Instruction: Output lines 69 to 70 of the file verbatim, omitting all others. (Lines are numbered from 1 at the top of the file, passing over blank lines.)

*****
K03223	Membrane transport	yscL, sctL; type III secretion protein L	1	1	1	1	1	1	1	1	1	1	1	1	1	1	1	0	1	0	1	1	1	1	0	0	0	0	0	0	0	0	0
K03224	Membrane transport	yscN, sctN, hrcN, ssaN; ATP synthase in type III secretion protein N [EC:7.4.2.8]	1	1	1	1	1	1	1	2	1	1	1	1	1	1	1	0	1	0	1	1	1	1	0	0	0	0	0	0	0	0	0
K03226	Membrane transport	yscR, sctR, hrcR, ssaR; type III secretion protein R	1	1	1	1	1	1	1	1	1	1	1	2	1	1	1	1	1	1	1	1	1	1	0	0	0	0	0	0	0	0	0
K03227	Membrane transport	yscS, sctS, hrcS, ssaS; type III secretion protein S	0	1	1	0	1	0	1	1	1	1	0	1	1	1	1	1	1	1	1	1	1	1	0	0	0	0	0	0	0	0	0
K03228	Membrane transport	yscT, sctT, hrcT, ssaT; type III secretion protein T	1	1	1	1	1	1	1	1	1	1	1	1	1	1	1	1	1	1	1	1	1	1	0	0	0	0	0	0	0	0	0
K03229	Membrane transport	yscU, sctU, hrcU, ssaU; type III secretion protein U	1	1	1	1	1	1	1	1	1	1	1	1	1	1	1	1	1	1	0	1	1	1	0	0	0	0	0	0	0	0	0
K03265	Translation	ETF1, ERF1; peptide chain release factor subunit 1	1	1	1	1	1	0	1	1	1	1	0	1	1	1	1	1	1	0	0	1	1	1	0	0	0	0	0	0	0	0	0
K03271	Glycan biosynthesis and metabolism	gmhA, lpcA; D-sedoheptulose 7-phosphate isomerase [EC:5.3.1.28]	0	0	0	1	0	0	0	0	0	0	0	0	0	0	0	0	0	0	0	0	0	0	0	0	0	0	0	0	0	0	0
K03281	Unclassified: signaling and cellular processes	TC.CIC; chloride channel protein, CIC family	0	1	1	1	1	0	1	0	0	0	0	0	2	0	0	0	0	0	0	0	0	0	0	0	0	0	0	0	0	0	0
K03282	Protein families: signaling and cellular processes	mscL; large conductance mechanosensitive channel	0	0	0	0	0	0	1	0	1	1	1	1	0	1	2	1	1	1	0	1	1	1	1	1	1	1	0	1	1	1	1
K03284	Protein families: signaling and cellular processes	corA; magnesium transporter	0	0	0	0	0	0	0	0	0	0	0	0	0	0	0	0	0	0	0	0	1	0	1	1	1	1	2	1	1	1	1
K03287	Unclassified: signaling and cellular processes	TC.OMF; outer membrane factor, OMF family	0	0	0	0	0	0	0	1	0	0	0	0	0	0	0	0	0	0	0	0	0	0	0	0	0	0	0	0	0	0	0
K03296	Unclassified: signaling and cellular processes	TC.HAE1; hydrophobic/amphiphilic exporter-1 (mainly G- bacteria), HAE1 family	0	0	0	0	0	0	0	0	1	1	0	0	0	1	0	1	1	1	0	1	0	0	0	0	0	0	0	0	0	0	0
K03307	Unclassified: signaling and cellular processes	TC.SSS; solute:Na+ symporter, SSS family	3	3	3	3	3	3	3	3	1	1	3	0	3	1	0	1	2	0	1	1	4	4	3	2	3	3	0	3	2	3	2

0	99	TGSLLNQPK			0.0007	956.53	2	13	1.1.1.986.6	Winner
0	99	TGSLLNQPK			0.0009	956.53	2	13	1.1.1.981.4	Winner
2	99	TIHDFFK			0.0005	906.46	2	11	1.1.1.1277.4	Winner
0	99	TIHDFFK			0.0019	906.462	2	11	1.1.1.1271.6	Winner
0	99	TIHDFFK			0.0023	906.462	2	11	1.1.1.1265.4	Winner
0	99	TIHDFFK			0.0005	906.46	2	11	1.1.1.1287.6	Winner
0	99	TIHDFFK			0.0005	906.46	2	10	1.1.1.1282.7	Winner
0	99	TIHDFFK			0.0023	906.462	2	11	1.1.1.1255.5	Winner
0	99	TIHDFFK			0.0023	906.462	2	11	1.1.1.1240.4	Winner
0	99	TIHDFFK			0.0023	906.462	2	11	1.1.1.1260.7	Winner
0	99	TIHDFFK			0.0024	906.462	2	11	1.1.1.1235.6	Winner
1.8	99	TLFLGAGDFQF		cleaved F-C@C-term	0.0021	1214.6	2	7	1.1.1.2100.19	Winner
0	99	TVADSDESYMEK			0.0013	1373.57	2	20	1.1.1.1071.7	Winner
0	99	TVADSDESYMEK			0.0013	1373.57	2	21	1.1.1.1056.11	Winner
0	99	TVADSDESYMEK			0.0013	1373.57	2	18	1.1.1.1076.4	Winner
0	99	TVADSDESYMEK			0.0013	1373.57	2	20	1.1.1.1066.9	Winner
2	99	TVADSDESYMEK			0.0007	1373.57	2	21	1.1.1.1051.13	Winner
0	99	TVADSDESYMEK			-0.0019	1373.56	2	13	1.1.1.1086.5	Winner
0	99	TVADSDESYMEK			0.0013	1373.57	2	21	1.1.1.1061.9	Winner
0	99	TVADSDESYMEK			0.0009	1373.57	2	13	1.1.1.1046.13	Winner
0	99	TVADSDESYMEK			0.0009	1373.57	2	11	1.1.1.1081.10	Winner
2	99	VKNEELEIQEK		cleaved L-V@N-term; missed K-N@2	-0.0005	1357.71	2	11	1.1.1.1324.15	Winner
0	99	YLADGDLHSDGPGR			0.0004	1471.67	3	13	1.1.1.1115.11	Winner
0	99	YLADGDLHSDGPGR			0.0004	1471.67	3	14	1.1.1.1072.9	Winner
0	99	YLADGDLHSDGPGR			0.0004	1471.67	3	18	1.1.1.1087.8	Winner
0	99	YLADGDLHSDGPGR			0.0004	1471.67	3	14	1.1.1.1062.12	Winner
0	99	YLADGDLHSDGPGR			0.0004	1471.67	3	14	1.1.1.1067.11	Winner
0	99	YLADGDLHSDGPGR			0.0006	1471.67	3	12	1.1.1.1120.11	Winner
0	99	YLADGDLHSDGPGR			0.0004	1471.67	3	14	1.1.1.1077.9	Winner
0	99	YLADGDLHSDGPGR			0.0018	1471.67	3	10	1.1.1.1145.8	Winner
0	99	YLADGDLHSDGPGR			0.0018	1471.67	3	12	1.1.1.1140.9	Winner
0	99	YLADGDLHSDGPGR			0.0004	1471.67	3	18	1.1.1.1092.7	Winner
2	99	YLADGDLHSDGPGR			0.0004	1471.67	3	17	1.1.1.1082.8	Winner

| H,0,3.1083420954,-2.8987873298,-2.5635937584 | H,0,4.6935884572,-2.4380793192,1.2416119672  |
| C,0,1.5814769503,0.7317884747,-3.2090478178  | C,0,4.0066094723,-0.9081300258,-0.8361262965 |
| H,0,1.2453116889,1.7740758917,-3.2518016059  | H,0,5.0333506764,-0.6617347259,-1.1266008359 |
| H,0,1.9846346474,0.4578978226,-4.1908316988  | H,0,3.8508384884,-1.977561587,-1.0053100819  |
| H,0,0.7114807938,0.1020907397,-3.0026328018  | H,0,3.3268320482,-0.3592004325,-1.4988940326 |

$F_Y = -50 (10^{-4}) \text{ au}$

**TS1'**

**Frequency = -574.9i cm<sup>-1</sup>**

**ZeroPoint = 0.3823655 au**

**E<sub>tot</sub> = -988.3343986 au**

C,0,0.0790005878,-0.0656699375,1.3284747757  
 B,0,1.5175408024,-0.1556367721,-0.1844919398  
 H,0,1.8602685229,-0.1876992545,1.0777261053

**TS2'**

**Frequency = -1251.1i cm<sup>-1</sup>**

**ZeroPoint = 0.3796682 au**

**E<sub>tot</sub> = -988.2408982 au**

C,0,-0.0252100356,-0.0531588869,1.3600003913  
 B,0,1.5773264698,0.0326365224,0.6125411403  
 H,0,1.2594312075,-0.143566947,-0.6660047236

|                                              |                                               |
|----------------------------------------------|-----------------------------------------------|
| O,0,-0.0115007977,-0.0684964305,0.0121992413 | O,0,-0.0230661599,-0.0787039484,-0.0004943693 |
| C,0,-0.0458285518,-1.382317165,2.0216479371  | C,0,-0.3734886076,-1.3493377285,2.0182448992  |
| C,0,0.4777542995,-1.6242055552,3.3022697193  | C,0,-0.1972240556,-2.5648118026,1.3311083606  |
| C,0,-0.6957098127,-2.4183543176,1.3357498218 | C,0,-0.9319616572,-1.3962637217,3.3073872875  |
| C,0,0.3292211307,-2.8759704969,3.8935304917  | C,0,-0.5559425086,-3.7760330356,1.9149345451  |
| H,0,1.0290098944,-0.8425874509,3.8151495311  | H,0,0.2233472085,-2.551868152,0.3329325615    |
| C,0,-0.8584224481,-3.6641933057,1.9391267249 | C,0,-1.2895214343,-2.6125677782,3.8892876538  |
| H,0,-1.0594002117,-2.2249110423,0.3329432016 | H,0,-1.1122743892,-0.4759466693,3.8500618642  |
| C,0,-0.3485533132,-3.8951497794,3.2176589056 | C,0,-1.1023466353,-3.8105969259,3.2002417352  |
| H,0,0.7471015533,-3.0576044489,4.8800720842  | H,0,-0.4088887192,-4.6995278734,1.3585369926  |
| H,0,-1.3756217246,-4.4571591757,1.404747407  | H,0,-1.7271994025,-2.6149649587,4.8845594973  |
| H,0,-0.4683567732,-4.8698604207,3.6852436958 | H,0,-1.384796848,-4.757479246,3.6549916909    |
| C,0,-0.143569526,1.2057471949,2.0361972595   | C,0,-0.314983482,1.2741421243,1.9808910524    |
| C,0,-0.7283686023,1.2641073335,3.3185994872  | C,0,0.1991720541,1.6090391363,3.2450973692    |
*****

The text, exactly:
|----------------------------------------------|-----------------------------------------------|
| O,0,-0.0115007977,-0.0684964305,0.0121992413 | O,0,-0.0230661599,-0.0787039484,-0.0004943693 |